The Roman Empire began as a small settlement in Italy, but it ended up conquering most of the known world, including part of the Middle East. Rome was a patriarchal society that worshiped many gods, similar to the Greeks. In a small corner of the Roman Empire, Jesus was born, ministered, was crucified and resurrected. The Pax Romana and the numerous Roman roads facilitated the spread of Christianity throughout the empire until it became the official religion of Rome. When the Roman Empire was divided into east and west, the western half succumbed to barbarian invasions while the east flourished for quite some time as the Byzantine Empire.
The Byzantine Empire was the dominant power in the Middle East after the fall of Rome. It developed a very eastern culture, used the Greek language, created a distinct form of architecture and founded a separate branch of Christianity known as Orthodox Christianity. The emperor who had absolute authority ruled over the Byzantine Empire, and for a while it flourished in trade and the arts.
Around the same time that Byzantium was flourishing in the northern Middle East, a new force was emerging in the south. Islam, the new faith founded by Mohammed, took hold in the Middle East during the seventh century. From 632 to 1258 the Islamic Empire conquered a vast territory and forced many people to convert to Islam, including people as far away as Spain. Apart from the Crusades, the Arabs remained unchallenged for more than 400 years until the Mongols arrived in the mid 11th century and conquered Baghdad, the Arab capital. The militant spread of Islam was reversed in Europe through the reconquest of the Iberian Peninsula.
As the Mongol Empire fell, the Muslim Ottoman Empire rose and as it grew the Turks came to dominate most of modern-day Turkey and in 1453 invaded Constantinople, ending the Byzantine Empire. At its height the Empire held all the territory from Greece to Persia and all the way around the Mediterranean to Egypt and northern Africa. In order to conquer such a vast territory, the Islamic Empire enslaved the children of their Christian subjects and used them as fighting warriors know as Janissaries. In the sixteenth century the Empire began its decline and by the time World War I came around it was nicknamed the sick man of Europe.
After the World Wars the Middle East was broken up into many different nation states. Other Central Asian republics gained independance after the collapse of the Soviet Union. Today all of the following countries can be considered a part of the Middle East.
Afghanistan was a monarchy from 1747 to 1973, when the king was overthrown the country was proclaimed a republic. In 1992 the republic was dissolved and the country erupted in civil war. In 1996 the Taliban, an Islamic fundamentalist regime captured the capital of Kabul and began harboring the leaders of the terrorist Al Queda group in the country. After the Al Queda attack on the World Trade Center and the Pentagon on September 11th, 2001 U.S. and U.N. forces occupied the country and are now in the process of setting up a democratic government.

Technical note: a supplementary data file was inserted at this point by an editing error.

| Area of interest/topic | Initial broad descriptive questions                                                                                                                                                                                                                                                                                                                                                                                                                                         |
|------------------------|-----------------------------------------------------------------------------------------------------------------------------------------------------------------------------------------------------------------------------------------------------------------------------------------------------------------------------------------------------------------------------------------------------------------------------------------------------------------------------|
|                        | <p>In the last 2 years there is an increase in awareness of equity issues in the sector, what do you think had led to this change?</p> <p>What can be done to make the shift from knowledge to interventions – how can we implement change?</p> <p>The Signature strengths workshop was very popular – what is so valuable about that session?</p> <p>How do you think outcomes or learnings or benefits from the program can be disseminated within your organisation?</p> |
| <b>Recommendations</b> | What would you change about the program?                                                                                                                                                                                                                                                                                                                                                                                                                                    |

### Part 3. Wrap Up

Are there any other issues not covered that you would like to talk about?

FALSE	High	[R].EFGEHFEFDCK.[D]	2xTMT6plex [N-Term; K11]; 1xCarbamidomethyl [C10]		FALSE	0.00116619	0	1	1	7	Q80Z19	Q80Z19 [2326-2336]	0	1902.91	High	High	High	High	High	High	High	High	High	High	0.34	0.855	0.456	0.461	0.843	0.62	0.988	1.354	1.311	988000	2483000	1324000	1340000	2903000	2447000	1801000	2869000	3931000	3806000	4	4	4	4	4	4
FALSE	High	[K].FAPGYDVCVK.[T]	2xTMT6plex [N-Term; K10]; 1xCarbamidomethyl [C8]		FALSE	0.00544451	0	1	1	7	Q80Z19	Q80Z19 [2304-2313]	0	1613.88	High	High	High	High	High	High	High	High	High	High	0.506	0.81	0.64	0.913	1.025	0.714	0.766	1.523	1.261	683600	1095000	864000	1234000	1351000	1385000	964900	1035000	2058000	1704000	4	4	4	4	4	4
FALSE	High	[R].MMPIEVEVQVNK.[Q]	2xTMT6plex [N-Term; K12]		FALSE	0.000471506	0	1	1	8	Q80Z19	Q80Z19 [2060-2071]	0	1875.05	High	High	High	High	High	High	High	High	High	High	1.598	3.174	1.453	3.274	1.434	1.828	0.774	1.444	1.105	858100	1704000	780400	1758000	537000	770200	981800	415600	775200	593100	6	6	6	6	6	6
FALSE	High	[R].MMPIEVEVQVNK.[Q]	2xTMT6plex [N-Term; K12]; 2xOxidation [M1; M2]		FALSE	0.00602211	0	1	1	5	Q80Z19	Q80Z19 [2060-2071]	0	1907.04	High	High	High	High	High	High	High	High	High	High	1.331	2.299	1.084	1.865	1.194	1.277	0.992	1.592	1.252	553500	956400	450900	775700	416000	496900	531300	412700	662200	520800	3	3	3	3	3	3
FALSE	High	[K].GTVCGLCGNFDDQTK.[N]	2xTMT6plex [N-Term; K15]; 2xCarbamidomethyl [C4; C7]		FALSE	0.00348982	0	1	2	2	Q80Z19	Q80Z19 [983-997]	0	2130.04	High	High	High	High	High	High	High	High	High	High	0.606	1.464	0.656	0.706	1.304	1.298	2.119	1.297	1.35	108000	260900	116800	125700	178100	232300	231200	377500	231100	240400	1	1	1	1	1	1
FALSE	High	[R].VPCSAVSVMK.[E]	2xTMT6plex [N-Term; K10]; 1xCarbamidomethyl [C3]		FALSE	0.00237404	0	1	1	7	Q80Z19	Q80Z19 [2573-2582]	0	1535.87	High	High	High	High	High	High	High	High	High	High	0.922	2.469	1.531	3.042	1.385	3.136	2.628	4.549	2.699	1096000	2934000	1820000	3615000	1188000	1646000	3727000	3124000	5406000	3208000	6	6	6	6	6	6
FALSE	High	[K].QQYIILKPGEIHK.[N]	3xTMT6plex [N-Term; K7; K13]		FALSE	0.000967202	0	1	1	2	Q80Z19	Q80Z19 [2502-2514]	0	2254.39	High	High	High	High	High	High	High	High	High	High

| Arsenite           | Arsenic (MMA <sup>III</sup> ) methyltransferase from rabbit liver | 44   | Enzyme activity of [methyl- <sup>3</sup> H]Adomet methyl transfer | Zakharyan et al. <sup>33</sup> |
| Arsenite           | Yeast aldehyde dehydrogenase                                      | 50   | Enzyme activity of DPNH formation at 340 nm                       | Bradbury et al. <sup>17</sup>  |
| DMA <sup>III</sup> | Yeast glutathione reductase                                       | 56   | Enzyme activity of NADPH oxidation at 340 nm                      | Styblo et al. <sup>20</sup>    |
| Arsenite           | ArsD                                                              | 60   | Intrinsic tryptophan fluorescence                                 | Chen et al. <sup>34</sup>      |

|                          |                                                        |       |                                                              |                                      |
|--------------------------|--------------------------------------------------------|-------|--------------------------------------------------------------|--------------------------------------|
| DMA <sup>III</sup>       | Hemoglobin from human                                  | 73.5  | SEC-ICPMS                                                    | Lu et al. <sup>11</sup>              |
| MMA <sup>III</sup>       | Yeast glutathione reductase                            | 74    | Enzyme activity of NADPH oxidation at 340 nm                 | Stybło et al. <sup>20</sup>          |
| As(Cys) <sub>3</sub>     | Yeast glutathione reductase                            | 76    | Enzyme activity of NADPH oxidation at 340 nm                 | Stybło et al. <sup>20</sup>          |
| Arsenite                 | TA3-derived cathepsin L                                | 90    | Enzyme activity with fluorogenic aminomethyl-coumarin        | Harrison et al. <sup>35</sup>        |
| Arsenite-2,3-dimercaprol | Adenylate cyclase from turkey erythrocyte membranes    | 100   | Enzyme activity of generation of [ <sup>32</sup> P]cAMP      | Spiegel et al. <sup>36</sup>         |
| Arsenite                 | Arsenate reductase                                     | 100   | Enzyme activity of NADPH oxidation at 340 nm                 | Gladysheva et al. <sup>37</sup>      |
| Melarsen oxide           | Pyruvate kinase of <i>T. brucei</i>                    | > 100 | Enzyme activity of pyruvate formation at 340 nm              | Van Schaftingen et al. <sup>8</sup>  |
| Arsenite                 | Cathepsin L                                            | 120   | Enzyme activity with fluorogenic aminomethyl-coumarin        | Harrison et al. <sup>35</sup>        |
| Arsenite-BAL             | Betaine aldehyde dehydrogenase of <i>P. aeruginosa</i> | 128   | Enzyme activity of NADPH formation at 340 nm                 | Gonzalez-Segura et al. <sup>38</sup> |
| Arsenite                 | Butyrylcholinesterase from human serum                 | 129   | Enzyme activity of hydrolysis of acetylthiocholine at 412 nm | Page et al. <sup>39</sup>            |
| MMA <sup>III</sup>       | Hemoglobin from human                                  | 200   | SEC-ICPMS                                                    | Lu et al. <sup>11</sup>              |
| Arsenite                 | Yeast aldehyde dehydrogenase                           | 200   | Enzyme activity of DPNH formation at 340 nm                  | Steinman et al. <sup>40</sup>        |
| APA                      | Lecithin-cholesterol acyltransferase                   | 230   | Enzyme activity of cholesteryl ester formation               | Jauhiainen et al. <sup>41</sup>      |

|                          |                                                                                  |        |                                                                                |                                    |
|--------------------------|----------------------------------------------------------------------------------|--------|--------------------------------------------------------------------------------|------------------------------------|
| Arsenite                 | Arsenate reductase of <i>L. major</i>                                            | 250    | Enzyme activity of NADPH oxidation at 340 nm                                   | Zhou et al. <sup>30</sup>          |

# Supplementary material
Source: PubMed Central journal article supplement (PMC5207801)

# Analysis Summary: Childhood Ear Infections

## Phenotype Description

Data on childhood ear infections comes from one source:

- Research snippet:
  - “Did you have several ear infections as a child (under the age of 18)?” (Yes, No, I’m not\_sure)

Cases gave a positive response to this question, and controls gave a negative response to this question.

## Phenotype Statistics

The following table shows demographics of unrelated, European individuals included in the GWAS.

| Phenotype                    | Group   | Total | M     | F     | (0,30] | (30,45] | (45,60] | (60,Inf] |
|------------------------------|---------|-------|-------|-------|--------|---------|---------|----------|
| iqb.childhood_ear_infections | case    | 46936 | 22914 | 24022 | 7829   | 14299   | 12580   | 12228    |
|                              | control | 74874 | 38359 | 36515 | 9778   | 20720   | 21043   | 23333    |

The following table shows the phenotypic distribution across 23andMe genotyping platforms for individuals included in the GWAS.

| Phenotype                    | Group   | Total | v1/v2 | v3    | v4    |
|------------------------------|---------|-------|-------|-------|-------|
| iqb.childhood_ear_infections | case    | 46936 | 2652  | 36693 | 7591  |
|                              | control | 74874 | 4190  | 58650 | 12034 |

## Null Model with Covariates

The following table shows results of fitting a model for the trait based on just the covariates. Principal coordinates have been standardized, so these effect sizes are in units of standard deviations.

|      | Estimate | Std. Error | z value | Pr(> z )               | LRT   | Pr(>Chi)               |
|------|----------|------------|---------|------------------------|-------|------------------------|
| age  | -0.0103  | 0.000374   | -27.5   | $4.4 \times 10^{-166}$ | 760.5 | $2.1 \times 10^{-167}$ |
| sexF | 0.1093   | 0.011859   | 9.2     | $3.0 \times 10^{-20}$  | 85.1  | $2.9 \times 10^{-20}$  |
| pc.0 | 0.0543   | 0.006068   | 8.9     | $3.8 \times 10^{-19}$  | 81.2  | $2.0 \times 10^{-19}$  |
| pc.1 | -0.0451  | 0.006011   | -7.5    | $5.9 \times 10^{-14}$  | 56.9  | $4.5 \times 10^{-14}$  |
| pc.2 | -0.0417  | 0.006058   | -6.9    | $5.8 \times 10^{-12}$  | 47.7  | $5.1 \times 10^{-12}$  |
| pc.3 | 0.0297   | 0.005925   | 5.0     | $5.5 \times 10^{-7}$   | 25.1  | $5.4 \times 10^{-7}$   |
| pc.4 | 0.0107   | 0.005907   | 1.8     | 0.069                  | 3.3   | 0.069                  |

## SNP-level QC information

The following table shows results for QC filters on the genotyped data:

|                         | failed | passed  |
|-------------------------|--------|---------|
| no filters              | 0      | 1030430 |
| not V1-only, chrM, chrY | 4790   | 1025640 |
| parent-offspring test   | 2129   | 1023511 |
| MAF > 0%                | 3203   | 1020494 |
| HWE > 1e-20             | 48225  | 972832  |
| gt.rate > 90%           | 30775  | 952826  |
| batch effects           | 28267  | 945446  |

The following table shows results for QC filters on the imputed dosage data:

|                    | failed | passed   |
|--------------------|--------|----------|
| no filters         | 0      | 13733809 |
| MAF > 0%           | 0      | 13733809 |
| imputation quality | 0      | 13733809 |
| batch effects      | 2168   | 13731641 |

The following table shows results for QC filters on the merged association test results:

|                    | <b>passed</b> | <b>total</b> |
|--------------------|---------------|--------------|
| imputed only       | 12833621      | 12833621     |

Bahrain is an independent state comprised of an archipelago in the southern Persian Gulf. It was under British control form 1861 to 1971, when it gained its independence. Like most Middle East countries its economy is based on the petroleum industry.
Cyprus is the third largest island in the Mediterranean Sea. Originally apart of the Ottoman Empire, the British rented the island in 1878 and then annexed it after the Turks were defeated in World War I. In 1960 Cyprus was proclaimed an independent republic. The population is unique in that there are both Greeks and Turks and they live in separate zones, adhere to different religions, speak different languages attend different schools and yet are apart of the same country.
Egypt was the cradle of one of the greatest ancient civilizations and has a recorded history dating back to 3200 BC. At various times in its history the Romans, the Greeks, the Arabs, the Ottomans and the British controlled it. In 1952 it was declared to be to Arab Republic of Egypt.
The Islamic Republic of Iran was established in 1979 as a result of an uprising led by Islamic religious leaders against the constitutional monarchy. When the government changed, Islamic principles were renewed. Women were ordered to return to their tradition roles, movie theatres were closed, radio stations were prohibited from broadcasting music and the segregation of men and women at social functions was reestablished.
In 1921 the kingdom of Iraq was established, in 1958 after a sudden coup, the country was proclaimed a republic. In 1979 Saddam Hussein came to power and began his long and brutal dictatorship. (E.g., compare "Genocides of Armenians and Kurds") In 1990 he lead Iraq in the invasion of Kuwait, and was only stopped when the U.S. and UN sent forces in to drive them out. After that Hussein remained in power until in 2003 the United States and Britain invaded. Britain and the U.S. along with other UN are now working to establish a democratic government for the Iraqi people.